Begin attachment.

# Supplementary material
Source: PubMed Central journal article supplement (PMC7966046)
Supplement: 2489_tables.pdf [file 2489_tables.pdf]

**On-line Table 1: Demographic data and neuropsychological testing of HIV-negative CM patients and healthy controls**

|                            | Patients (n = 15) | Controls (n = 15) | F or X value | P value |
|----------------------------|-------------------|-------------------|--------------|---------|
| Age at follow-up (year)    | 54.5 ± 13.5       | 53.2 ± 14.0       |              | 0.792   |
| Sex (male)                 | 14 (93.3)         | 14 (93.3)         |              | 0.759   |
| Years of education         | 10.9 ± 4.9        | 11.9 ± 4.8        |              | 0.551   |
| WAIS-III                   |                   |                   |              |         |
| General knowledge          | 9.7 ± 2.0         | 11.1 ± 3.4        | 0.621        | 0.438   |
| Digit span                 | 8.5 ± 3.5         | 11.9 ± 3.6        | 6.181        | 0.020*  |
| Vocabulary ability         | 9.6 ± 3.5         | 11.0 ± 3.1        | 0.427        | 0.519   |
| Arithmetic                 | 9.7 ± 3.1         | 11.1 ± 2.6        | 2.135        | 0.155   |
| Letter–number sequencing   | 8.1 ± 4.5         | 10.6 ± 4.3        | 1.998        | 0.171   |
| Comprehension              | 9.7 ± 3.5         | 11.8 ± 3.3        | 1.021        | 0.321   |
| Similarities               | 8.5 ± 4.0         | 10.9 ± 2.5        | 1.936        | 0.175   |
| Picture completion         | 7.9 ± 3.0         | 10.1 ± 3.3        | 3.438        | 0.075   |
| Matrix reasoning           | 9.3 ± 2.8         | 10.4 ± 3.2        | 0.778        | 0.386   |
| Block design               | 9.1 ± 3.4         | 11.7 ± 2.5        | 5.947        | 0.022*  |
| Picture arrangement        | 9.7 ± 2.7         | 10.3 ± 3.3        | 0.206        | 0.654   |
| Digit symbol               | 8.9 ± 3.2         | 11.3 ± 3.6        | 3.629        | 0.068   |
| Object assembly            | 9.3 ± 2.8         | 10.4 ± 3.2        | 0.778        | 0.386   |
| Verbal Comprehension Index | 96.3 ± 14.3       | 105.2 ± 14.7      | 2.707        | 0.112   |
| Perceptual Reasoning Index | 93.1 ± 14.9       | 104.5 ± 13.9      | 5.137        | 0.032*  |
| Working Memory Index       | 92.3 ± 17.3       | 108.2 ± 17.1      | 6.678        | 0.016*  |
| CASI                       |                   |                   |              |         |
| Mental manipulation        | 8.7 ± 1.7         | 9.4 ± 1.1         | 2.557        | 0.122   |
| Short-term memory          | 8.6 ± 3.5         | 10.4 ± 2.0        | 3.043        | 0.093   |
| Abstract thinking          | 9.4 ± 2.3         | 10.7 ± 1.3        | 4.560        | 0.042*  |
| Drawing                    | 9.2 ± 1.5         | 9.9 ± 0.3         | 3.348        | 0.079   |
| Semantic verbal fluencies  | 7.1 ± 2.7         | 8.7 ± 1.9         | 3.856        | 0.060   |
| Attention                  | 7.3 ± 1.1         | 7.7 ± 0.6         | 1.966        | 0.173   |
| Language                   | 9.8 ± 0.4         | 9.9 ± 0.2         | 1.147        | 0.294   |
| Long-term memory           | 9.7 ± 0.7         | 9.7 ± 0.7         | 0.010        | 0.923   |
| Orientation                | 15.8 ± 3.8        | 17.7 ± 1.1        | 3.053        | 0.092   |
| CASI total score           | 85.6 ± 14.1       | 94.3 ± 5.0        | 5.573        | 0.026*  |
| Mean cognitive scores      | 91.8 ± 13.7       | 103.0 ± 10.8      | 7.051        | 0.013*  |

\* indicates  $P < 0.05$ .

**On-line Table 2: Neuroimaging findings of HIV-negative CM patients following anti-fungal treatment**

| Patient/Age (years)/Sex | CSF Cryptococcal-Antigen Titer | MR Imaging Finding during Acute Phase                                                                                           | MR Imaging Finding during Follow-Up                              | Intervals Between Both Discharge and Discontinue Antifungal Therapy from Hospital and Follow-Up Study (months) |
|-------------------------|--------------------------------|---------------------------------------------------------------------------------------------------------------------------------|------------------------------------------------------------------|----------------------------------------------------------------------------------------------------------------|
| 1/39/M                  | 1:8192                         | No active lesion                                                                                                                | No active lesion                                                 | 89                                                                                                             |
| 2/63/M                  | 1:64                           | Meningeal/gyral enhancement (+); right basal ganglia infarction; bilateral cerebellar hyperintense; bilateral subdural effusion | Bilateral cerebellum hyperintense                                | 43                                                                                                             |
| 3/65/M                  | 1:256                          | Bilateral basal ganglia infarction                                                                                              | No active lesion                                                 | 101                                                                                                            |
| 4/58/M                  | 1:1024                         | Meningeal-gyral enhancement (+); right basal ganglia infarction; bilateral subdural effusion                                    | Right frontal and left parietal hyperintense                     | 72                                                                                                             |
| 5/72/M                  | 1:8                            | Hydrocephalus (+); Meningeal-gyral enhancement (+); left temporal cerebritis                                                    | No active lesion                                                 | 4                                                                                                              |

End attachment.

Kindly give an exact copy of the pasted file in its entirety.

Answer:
# Supplementary material
Source: PubMed Central journal article supplement (PMC7966046)
Supplement: 2489_tables.pdf [file 2489_tables.pdf]

**On-line Table 1: Demographic data and neuropsychological testing of HIV-negative CM patients and healthy controls**

|                            | Patients (n = 15) | Controls (n = 15) | F or X value | P value |
|----------------------------|-------------------|-------------------|--------------|---------|
| Age at follow-up (year)    | 54.5 ± 13.5       | 53.2 ± 14.0       |              | 0.792   |
| Sex (male)                 | 14 (93.3)         | 14 (93.3)         |              | 0.759   |
| Years of education         | 10.9 ± 4.9        | 11.9 ± 4.8        |              | 0.551   |
| WAIS-III                   |                   |                   |              |         |
| General knowledge          | 9.7 ± 2.0         | 11.1 ± 3.4        | 0.621        | 0.438   |
| Digit span                 | 8.5 ± 3.5         | 11.9 ± 3.6        | 6.181        | 0.020*  |
| Vocabulary ability         | 9.6 ± 3.5         | 11.0 ± 3.1        | 0.427        | 0.519   |
| Arithmetic                 | 9.7 ± 3.1         | 11.1 ± 2.6        | 2.135        | 0.155   |
| Letter–number sequencing   | 8.1 ± 4.5         | 10.6 ± 4.3        | 1.998        | 0.171   |
| Comprehension              | 9.7 ± 3.5         | 11.8 ± 3.3        | 1.021        | 0.321   |
| Similarities               | 8.5 ± 4.0         | 10.9 ± 2.5        | 1.936        | 0.175   |
| Picture completion         | 7.9 ± 3.0         | 10.1 ± 3.3        | 3.438        | 0.075   |
| Matrix reasoning           | 9.3 ± 2.8         | 10.4 ± 3.2        | 0.778        | 0.386   |
| Block design               | 9.1 ± 3.4         | 11.7 ± 2.5        | 5.947        | 0.022*  |
| Picture arrangement        | 9.7 ± 2.7         | 10.3 ± 3.3        | 0.206        | 0.654   |
| Digit symbol               | 8.9 ± 3.2         | 11.3 ± 3.6        | 3.629        | 0.068   |
| Object assembly            | 9.3 ± 2.8         | 10.4 ± 3.2        | 0.778        | 0.386   |
| Verbal Comprehension Index | 96.3 ± 14.3       | 105.2 ± 14.7      | 2.707        | 0.112   |
| Perceptual Reasoning Index | 93.1 ± 14.9       | 104.5 ± 13.9      | 5.137        | 0.032*  |
| Working Memory Index       | 92.3 ± 17.3       | 108.2 ± 17.1      | 6.678        | 0.016*  |
| CASI                       |                   |                   |              |         |
| Mental manipulation        | 8.7 ± 1.7         | 9.4 ± 1.1         | 2.557        | 0.122   |
| Short-term memory          | 8.6 ± 3.5         | 10.4 ± 2.0        | 3.043        | 0.093   |
| Abstract thinking          | 9.4 ± 2.3         | 10.7 ± 1.3        | 4.560        | 0.042*  |
| Drawing                    | 9.2 ± 1.5         | 9.9 ± 0.3         | 3.348        | 0.079   |
| Semantic verbal fluencies  | 7.1 ± 2.7         | 8.7 ± 1.9         | 3.856        | 0.060   |
| Attention                  | 7.3 ± 1.1         | 7.7 ± 0.6         | 1.966        | 0.173   |
| Language                   | 9.8 ± 0.4         | 9.9 ± 0.2         | 1.147        | 0.294   |
| Long-term memory           | 9.7 ± 0.7         | 9.7 ± 0.7         | 0.010        | 0.923   |
| Orientation                | 15.8 ± 3.8        | 17.7 ± 1.1        | 3.053        | 0.092   |
| CASI total score           | 85.6 ± 14.1       | 94.3 ± 5.0        | 5.573        | 0.026*  |
| Mean cognitive scores      | 91.8 ± 13.7       | 103.0 ± 10.8      | 7.051        | 0.013*  |

\* indicates  $P < 0.05$ .

**On-line Table 2: Neuroimaging findings of HIV-negative CM patients following anti-fungal treatment**

| Patient/Age (years)/Sex | CSF Cryptococcal-Antigen Titer | MR Imaging Finding during Acute Phase                                                                                           | MR Imaging Finding during Follow-Up                              | Intervals Between Both Discharge and Discontinue Antifungal Therapy from Hospital and Follow-Up Study (months) |
|-------------------------|--------------------------------|---------------------------------------------------------------------------------------------------------------------------------|------------------------------------------------------------------|----------------------------------------------------------------------------------------------------------------|
| 1/39/M                  | 1:8192                         | No active lesion                                                                                                                | No active lesion                                                 | 89                                                                                                             |
| 2/63/M                  | 1:64                           | Meningeal/gyral enhancement (+); right basal ganglia infarction; bilateral cerebellar hyperintense; bilateral subdural effusion | Bilateral cerebellum hyperintense                                | 43                                                                                                             |
| 3/65/M                  | 1:256                          | Bilateral basal ganglia infarction                                                                                              | No active lesion                                                 | 101                                                                                                            |
| 4/58/M                  | 1:1024                         | Meningeal-gyral enhancement (+); right basal ganglia infarction; bilateral subdural effusion                                    | Right frontal and left parietal hyperintense                     | 72                                                                                                             |
| 5/72/M                  | 1:8                            | Hydrocephalus (+); Meningeal-gyral enhancement (+); left temporal cerebritis                                                    | No active lesion                                                 | 4                                                                                                              |